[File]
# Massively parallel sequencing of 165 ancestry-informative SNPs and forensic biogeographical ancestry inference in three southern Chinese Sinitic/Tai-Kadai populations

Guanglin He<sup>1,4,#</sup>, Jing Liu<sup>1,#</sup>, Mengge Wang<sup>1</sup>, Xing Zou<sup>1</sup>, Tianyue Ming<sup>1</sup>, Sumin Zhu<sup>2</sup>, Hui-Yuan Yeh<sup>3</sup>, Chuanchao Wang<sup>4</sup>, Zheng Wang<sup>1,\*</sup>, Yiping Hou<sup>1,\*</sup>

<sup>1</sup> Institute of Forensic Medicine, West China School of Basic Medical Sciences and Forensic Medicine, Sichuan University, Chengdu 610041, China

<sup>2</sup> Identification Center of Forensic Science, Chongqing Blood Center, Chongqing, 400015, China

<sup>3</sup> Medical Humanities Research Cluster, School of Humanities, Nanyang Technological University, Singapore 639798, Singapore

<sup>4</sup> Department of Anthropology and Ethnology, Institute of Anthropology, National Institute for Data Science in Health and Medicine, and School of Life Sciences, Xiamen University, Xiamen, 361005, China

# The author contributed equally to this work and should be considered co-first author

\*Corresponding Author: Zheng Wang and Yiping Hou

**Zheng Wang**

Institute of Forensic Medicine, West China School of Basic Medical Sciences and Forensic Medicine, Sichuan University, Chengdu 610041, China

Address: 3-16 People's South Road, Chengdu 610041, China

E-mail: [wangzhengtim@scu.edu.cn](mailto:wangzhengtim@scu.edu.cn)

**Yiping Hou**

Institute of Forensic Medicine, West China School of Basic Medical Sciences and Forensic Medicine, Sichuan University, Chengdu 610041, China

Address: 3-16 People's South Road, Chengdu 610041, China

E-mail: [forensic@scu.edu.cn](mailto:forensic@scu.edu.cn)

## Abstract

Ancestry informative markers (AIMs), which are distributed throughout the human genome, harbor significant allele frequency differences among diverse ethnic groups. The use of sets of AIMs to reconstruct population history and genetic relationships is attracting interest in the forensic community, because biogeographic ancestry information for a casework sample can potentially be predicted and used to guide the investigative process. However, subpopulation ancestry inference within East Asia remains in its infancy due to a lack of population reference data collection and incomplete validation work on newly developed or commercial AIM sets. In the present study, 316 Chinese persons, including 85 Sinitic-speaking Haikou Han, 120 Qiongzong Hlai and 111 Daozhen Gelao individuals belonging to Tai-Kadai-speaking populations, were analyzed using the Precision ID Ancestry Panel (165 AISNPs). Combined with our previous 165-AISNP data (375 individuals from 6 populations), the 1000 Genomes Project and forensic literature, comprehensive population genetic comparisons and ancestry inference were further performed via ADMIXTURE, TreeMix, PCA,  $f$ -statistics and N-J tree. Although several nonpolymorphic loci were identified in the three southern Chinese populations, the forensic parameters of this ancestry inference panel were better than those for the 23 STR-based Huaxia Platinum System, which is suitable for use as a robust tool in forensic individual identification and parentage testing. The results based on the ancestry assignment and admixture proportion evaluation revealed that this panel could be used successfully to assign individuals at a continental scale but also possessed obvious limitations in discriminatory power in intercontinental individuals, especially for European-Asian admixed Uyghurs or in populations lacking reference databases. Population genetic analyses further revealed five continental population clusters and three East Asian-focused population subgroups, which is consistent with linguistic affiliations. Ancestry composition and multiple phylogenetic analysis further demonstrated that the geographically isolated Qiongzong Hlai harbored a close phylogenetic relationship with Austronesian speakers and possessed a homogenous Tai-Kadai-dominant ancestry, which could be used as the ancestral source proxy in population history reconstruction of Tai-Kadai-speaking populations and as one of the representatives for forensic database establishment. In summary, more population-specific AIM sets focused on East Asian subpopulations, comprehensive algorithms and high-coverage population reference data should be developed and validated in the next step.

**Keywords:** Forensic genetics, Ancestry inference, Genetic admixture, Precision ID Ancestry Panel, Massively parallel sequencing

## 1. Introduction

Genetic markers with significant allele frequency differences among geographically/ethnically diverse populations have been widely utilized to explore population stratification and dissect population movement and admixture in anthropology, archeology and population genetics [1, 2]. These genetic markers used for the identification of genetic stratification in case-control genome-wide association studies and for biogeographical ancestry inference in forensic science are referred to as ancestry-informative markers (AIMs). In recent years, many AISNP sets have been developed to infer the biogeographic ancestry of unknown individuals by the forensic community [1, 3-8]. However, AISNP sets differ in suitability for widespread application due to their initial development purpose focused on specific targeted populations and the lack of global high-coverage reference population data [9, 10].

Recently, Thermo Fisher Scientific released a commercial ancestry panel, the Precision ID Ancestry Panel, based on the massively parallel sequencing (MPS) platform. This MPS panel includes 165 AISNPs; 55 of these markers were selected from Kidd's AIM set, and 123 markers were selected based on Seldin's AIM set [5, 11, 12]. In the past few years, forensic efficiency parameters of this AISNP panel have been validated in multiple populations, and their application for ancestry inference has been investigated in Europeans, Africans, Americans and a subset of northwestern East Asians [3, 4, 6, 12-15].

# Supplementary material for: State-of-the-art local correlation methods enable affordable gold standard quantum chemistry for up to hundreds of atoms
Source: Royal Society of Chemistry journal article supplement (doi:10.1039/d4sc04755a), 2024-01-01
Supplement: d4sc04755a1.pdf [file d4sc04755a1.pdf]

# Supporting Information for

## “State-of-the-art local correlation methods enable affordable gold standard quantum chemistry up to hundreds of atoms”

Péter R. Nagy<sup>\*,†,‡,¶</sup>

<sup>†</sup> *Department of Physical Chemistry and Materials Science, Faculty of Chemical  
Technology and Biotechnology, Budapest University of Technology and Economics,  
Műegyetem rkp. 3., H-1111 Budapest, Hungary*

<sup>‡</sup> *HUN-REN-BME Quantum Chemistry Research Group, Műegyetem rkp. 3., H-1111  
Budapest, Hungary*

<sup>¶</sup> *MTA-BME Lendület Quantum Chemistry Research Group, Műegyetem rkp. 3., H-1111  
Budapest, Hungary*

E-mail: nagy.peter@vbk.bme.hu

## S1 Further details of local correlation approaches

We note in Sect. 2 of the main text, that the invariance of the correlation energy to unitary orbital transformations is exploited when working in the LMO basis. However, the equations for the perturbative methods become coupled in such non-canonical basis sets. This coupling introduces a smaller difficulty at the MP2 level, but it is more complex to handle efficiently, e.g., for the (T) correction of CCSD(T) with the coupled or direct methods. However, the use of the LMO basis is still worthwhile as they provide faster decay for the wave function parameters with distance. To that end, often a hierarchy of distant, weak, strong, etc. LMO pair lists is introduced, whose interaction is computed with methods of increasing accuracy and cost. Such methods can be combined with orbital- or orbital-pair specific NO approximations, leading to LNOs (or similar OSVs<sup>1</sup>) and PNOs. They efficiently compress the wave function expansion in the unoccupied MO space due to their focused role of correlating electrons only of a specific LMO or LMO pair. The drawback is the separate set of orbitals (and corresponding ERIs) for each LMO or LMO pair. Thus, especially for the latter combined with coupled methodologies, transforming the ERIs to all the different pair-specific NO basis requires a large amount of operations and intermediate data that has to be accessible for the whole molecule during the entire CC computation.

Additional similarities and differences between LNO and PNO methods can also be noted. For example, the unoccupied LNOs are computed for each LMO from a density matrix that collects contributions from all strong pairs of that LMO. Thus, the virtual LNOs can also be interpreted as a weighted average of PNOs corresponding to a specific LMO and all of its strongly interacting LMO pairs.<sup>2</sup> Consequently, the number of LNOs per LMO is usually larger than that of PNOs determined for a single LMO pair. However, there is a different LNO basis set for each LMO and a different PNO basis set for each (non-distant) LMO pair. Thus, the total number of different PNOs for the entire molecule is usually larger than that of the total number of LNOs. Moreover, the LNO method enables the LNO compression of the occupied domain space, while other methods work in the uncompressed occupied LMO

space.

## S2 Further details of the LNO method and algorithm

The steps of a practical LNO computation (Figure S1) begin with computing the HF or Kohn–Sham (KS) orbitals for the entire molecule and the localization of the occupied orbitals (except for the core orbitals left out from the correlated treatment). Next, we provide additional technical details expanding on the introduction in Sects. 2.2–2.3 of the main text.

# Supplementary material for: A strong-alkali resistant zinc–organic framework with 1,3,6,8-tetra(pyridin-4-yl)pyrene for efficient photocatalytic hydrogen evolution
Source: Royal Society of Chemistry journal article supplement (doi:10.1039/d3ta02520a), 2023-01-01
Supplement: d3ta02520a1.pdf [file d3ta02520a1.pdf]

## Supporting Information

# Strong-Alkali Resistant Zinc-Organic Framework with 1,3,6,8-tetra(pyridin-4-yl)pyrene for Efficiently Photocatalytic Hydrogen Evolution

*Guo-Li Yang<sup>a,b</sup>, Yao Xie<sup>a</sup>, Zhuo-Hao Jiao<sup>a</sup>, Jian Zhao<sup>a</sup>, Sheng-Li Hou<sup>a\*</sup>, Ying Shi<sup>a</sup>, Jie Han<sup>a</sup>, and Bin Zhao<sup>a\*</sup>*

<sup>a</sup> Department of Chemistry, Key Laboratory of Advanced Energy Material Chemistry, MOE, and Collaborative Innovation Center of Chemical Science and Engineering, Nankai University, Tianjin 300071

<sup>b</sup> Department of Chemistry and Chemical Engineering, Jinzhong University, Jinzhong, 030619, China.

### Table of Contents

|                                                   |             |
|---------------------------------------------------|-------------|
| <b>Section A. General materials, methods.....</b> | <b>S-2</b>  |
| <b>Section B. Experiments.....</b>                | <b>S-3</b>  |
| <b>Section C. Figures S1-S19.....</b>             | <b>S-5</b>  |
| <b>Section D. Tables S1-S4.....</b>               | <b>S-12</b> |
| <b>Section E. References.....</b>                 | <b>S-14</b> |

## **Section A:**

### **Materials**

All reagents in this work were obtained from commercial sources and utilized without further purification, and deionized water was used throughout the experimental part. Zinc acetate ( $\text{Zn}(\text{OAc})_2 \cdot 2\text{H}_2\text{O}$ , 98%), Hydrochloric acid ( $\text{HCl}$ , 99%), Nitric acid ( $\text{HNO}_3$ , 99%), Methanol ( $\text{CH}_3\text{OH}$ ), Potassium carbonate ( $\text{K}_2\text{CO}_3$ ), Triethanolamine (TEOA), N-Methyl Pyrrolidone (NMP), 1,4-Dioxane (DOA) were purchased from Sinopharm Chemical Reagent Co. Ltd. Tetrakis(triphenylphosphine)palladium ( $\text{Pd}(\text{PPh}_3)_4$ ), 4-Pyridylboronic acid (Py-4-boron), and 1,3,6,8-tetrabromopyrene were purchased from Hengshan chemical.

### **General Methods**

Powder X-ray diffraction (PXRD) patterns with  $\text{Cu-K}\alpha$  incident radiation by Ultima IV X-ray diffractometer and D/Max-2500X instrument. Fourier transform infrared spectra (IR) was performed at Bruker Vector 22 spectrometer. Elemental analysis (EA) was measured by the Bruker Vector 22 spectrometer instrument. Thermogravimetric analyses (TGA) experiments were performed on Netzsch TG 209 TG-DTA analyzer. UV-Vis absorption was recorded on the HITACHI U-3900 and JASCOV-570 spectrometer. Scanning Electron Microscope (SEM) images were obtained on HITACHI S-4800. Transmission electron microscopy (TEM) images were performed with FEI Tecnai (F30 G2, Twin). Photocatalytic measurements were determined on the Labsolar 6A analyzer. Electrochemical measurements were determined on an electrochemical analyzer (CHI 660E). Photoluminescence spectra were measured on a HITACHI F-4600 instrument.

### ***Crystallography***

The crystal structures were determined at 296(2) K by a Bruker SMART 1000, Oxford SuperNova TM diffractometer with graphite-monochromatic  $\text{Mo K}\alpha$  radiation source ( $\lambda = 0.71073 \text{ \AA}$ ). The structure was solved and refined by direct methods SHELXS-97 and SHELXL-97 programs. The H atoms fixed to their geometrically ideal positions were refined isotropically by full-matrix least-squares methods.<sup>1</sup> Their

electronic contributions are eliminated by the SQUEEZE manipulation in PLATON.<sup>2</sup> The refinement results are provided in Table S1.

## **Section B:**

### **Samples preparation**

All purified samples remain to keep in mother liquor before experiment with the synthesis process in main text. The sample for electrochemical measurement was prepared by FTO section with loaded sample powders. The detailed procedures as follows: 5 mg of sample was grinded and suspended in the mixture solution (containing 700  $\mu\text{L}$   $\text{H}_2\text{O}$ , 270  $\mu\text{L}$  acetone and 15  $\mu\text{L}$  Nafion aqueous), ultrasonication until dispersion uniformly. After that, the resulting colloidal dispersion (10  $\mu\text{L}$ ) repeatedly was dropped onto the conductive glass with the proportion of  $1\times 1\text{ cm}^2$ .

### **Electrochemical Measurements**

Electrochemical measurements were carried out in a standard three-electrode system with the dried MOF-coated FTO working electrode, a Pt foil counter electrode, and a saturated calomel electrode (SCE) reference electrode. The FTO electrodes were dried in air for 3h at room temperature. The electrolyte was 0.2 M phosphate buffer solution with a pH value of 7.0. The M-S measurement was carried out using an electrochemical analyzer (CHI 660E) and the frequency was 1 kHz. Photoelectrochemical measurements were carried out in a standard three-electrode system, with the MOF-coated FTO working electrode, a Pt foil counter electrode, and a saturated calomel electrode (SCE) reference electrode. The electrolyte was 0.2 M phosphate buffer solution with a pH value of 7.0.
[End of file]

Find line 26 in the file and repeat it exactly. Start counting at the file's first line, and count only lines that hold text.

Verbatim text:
# Supporting Information for